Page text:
A 35% decrease in the diameter of tracheobronchial lumen is associated with respiratory symptoms. A greater than 50% decrease may be associated with complete airway obstruction during induction or emergence from GA.[2] Clinical presentation of childhood mediastinal masses is often nonspecific or incidental. Patients can be asymptomatic and can go undetected. In such cases, ambulatory anesthesia for even a lymph node biopsy may prove fatal.[3] Severe cardiovascular and/or respiratory collapse may occur following induction of anesthesia in a patient with critical mediastinal mass syndrome (CMMS).[4] The outcome may be fatal despite expeditious use of all appropriate resuscitative manoeuvres. CMMS in infants are identified by factors such as anterior mass, lymphoma, superior vena cava syndrome, vessel compression or displacement, pericardial, and pleural effusion. Cardiac tamponade and superior venacaval syndrome are known complications of anterior mediastinal masses.[5] Tumor enveloping the heart and infiltrating the pericardium can lead to refractory cardiovascular collapse under GA.[6]

Preoperative cardiac assessment by ECG and echocardiography in such infants can provide lot of information. Availability of femoro-femoral cardiopulmonary bypass in symptomatic patients before induction of GA in these patients is suggested.[7] In cannot ventilate situation, an immediate laryngoscopy and splinting of trachea or an emergency bronchoscopy to counteract the mass effect on the tracheobronchial tree is recommended.[8] An elective postoperative ventilation for 12–24 h usually helps in stabilizing the pulmonary functions.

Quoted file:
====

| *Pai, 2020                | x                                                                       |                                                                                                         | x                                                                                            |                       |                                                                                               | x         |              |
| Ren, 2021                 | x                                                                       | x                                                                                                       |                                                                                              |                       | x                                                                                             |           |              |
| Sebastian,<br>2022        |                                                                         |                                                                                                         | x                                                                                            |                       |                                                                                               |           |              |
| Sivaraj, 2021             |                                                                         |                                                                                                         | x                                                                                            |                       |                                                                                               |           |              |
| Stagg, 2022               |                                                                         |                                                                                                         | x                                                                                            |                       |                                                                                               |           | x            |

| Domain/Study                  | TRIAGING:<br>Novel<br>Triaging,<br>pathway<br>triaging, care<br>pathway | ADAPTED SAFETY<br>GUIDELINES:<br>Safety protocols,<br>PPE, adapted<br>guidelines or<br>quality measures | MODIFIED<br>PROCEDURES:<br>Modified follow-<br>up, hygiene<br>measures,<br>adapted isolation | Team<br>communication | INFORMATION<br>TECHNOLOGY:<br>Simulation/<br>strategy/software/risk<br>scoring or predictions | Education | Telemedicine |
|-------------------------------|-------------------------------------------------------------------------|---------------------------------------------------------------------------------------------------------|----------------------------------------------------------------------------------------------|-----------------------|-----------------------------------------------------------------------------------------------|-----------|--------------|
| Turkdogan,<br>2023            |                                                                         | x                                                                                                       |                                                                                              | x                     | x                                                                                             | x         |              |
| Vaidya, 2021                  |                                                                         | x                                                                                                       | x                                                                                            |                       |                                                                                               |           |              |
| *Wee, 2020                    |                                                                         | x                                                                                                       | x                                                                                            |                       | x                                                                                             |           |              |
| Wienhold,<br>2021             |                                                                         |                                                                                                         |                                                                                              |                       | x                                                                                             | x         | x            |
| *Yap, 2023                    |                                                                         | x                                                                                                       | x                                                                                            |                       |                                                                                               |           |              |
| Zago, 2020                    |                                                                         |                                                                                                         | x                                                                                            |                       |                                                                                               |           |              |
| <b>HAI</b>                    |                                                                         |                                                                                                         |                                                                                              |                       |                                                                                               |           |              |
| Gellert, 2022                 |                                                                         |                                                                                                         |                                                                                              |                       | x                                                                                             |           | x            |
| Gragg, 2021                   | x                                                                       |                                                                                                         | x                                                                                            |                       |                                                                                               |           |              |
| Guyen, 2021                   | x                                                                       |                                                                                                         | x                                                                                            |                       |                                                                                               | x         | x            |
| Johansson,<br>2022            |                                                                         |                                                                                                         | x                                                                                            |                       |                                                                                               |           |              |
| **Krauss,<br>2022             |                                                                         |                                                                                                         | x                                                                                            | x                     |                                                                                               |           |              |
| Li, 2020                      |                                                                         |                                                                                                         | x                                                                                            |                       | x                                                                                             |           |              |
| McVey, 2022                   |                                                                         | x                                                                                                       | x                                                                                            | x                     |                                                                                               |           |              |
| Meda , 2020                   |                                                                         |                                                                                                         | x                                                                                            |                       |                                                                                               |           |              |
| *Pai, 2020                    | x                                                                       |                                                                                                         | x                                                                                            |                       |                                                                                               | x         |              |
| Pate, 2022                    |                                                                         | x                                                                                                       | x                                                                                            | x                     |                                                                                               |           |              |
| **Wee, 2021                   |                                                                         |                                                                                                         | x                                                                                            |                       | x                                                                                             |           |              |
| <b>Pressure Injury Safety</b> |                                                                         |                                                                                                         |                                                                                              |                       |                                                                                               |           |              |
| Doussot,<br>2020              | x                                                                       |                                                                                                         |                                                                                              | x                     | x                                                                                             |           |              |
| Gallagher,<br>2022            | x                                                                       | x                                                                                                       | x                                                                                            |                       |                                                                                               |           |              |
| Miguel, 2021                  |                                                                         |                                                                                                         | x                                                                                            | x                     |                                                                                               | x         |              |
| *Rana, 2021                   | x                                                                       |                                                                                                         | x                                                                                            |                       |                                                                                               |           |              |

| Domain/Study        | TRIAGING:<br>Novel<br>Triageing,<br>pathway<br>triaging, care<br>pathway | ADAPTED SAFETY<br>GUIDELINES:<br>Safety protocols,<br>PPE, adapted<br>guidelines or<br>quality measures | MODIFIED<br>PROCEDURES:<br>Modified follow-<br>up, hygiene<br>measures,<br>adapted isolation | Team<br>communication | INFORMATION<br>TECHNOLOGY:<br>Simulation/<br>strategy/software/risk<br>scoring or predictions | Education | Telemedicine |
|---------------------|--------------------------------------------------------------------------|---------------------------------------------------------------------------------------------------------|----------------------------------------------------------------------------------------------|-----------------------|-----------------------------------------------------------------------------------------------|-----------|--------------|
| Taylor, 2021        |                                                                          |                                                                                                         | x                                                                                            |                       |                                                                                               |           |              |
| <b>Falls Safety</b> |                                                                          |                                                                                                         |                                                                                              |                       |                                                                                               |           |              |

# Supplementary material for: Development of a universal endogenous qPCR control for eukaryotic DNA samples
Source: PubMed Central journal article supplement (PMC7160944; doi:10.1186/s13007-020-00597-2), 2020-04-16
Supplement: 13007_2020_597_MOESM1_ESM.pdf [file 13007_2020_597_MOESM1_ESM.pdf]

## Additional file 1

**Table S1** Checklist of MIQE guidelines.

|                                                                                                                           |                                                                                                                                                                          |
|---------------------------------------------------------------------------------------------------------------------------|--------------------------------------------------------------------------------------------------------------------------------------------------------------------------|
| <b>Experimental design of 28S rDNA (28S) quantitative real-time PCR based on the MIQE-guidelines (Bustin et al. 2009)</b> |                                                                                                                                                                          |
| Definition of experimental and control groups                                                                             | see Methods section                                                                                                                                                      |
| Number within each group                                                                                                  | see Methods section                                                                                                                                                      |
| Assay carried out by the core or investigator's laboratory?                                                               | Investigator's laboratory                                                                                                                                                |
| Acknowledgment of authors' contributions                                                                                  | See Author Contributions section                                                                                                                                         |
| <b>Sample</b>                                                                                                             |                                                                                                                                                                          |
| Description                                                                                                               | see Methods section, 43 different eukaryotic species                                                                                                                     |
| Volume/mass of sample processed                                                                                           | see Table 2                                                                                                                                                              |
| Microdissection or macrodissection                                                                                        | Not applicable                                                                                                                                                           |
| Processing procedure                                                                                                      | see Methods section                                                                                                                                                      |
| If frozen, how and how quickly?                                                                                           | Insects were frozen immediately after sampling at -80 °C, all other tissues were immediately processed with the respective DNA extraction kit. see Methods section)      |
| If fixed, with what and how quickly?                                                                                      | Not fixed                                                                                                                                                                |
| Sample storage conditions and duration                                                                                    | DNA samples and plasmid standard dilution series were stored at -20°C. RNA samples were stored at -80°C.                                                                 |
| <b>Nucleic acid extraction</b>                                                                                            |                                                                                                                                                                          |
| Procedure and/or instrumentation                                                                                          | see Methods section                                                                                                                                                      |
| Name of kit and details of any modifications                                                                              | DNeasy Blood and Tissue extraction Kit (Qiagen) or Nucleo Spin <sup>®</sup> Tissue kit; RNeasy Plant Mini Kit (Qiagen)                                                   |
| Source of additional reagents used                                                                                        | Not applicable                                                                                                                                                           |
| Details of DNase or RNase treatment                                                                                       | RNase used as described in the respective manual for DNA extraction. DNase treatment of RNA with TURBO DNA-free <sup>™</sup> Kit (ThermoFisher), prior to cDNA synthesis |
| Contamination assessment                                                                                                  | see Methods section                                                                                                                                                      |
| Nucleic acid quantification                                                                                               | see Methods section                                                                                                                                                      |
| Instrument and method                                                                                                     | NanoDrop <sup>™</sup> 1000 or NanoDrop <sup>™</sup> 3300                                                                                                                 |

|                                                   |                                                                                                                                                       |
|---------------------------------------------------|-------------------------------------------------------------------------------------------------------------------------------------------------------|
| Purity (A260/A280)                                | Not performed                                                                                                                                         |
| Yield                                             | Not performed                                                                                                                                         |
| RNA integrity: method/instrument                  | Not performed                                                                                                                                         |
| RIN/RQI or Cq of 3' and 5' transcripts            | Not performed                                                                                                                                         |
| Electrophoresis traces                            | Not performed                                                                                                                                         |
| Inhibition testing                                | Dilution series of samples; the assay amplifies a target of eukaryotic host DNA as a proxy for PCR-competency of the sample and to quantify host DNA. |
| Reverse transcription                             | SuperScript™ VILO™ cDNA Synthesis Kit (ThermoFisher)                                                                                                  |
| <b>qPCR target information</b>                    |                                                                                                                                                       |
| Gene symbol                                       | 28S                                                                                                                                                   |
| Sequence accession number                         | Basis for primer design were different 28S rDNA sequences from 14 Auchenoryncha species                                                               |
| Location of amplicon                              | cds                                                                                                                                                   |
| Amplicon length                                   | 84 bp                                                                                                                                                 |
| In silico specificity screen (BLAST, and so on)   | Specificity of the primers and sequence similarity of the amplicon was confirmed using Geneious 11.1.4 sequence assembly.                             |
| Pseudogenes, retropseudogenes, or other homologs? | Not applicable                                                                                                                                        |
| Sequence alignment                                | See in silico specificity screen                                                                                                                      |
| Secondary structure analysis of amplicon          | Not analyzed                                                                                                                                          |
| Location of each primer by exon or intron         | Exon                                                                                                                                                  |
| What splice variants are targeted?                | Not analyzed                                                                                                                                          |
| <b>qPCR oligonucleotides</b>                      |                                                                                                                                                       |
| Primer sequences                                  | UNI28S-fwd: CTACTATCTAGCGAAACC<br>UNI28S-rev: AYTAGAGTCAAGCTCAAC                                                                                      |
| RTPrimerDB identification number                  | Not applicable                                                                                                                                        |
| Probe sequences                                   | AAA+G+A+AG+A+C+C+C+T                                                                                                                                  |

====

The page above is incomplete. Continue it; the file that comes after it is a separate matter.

Conclusion Top

A thorough clinical examination, understanding of scans and rapid decision making is important while managing a child with mediastinal mass coming for surgery. Situations aggravating and relieving respiratory compromise should be elicited. Surgical team should be ready for a rapid thoracotomy if there is total tracheobronchial obstruction during induction to relieved compression. The child should be managed in a dedicated pediatric unit with backup for ICU care and ventilation.

Declaration of patient consent

The authors certify that they have obtained all appropriate patient consent forms. In the form the patients parents have given their consent for his/her/their images and other clinical information to be reported in the journal. The patients family understand that their names and initials will not be published and due efforts will be made to conceal their identity, but anonymity cannot be guaranteed.

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Conflicts of interest

There are no conflicts of interest.

  References Top

Blank RS, de Souza DG. Anesthetic management of patients with an anterior mediastinal mass: Continuing professional development. Can J Anaesth 2011;58:853-9, 860-7.  Back to cited text no. 1
Azizkhan RG, Dudgeon DL, Buck JR, Colombani PM, Yaster M, Nichols D,et al. Life threatening airway obstruction as a complication to the management of mediastinal masses in children. J Pediatr Surg 1985;20:816-22.  Back to cited text no. 2
Viswanathan S, Campbell CE, Cork RC. Asymptomatic undetected mediastinal mass: A death during ambulatory anesthesia. J Clin Anesth 1995;7:151-5.  Back to cited text no. 3
Lam JC, Chui CH, Jacobsen AS, Tan AM, Joseph VT. When is a mediastinal mass critical in a child? An analysis of 29 patients. Pediatr Surg Int 2004;20:180-4.  Back to cited text no. 4
Northrip DN, Bohman BK, Tsueda K. Total airway occlusion and superior vena cava syndrome in a child with an anterior mediastinal tumor. Anesth Analg 1986;65:1079-82.  Back to cited text no. 5
Juanpere S, Cañete N, Ortuño P, Martínez S, Sanchez G, Bernado L. A diagnostic approach to the mediastinal masses. Insights Imaging 2012;4:29-52.  Back to cited text no. 6
Slinger P, Karsli C. Management of the patient with a large anterior mediastinal mass: Recurring myths. Curr Opin Anaesthesiol 2007;20:1-3.  Back to cited text no. 7
Pelton JJ, Ratner IA. A technique of airway management in children with obstructed airway due to tumor. Ann Thorac Surg 1989;48:301-2.  Back to cited text no. 8